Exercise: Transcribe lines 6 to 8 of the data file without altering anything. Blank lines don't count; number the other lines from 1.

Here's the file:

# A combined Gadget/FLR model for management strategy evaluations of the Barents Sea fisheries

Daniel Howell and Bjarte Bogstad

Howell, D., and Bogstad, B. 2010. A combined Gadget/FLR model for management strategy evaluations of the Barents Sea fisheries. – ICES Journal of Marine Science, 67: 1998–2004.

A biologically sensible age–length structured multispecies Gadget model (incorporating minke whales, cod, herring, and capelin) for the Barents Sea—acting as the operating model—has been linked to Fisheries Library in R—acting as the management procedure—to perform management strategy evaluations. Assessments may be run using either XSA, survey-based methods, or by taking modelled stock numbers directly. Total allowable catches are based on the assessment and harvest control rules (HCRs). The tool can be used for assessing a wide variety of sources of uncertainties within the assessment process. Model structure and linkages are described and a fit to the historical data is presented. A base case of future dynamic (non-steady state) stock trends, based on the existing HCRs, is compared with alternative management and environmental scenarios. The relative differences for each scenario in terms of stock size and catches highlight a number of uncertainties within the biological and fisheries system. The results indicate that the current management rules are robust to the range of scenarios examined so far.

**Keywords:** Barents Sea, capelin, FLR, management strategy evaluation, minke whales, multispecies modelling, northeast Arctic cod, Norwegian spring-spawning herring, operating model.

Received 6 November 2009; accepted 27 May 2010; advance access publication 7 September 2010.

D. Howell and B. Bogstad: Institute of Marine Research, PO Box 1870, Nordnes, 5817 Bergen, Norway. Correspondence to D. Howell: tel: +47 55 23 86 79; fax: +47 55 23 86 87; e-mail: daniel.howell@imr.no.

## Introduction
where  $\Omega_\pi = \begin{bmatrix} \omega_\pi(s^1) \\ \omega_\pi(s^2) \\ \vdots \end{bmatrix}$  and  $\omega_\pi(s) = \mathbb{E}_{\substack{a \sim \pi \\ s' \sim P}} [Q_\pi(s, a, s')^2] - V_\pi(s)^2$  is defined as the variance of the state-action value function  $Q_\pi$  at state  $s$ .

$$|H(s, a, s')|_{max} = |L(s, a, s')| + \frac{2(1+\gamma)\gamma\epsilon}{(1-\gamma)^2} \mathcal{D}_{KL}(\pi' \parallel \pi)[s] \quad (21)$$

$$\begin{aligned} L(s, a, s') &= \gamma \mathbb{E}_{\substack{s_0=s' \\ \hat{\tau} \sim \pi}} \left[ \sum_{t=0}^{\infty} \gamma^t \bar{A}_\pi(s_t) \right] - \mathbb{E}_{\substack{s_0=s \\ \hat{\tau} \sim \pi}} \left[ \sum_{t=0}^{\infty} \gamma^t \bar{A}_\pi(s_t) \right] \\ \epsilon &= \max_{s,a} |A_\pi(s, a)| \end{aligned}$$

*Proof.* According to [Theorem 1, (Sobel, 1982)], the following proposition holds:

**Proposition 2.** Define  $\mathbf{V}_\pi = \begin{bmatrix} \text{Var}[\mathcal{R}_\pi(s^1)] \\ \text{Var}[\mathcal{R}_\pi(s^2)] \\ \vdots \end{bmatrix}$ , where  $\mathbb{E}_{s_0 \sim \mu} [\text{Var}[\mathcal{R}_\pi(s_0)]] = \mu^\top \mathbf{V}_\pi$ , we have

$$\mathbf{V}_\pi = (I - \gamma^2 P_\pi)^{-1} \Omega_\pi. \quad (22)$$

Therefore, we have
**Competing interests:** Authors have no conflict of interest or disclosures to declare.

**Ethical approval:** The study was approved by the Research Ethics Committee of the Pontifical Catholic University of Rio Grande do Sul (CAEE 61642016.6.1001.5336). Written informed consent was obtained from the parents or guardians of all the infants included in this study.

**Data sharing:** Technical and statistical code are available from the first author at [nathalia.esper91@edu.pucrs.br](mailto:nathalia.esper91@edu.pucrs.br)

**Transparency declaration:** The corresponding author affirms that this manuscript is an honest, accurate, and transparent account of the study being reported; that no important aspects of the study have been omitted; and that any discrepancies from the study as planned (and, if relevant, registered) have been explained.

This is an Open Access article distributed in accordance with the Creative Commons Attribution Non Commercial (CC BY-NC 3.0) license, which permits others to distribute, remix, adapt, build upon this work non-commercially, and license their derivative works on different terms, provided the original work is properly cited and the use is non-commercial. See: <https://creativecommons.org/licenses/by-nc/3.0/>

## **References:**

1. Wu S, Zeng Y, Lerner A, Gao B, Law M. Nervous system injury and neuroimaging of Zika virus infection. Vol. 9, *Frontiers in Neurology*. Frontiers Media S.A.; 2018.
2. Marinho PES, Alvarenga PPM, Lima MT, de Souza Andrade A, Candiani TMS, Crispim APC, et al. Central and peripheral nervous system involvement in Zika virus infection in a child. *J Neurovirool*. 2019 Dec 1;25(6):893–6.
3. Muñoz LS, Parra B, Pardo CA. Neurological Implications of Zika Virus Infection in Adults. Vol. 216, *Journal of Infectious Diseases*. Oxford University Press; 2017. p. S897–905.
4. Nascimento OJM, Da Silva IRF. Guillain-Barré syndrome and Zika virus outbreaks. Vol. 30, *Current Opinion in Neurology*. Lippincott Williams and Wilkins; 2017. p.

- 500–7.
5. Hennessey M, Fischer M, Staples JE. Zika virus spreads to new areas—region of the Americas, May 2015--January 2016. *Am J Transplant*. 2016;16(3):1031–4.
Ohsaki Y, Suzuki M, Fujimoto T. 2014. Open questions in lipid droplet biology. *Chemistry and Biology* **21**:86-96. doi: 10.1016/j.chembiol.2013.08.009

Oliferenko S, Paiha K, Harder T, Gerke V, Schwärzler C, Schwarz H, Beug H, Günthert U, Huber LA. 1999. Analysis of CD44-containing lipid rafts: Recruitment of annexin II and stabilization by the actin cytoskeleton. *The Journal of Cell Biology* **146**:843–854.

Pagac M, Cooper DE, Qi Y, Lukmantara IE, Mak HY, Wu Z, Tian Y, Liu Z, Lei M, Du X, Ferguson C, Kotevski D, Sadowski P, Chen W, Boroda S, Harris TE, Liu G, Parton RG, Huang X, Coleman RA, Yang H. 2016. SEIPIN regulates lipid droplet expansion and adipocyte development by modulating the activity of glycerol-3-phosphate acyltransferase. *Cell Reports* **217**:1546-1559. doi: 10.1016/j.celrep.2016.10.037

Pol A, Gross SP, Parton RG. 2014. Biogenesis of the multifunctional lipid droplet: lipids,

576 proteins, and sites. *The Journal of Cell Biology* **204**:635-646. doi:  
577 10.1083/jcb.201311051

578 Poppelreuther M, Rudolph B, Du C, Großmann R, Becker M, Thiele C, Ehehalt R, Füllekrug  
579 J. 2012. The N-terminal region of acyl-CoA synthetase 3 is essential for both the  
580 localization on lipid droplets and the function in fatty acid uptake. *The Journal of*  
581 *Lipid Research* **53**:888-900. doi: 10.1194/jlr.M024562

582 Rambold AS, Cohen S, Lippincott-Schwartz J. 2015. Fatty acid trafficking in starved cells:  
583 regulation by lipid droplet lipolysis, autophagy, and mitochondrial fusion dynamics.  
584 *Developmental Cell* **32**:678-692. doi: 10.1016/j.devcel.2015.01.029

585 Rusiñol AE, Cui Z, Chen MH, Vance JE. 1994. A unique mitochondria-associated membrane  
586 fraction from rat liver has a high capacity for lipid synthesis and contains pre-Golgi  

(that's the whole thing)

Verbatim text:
Received 6 November 2009; accepted 27 May 2010; advance access publication 7 September 2010.

D. Howell and B. Bogstad: Institute of Marine Research, PO Box 1870, Nordnes, 5817 Bergen, Norway. Correspondence to D. Howell: tel: +47 55 23 86 79; fax: +47 55 23 86 87; e-mail: daniel.howell@imr.no.

## Introduction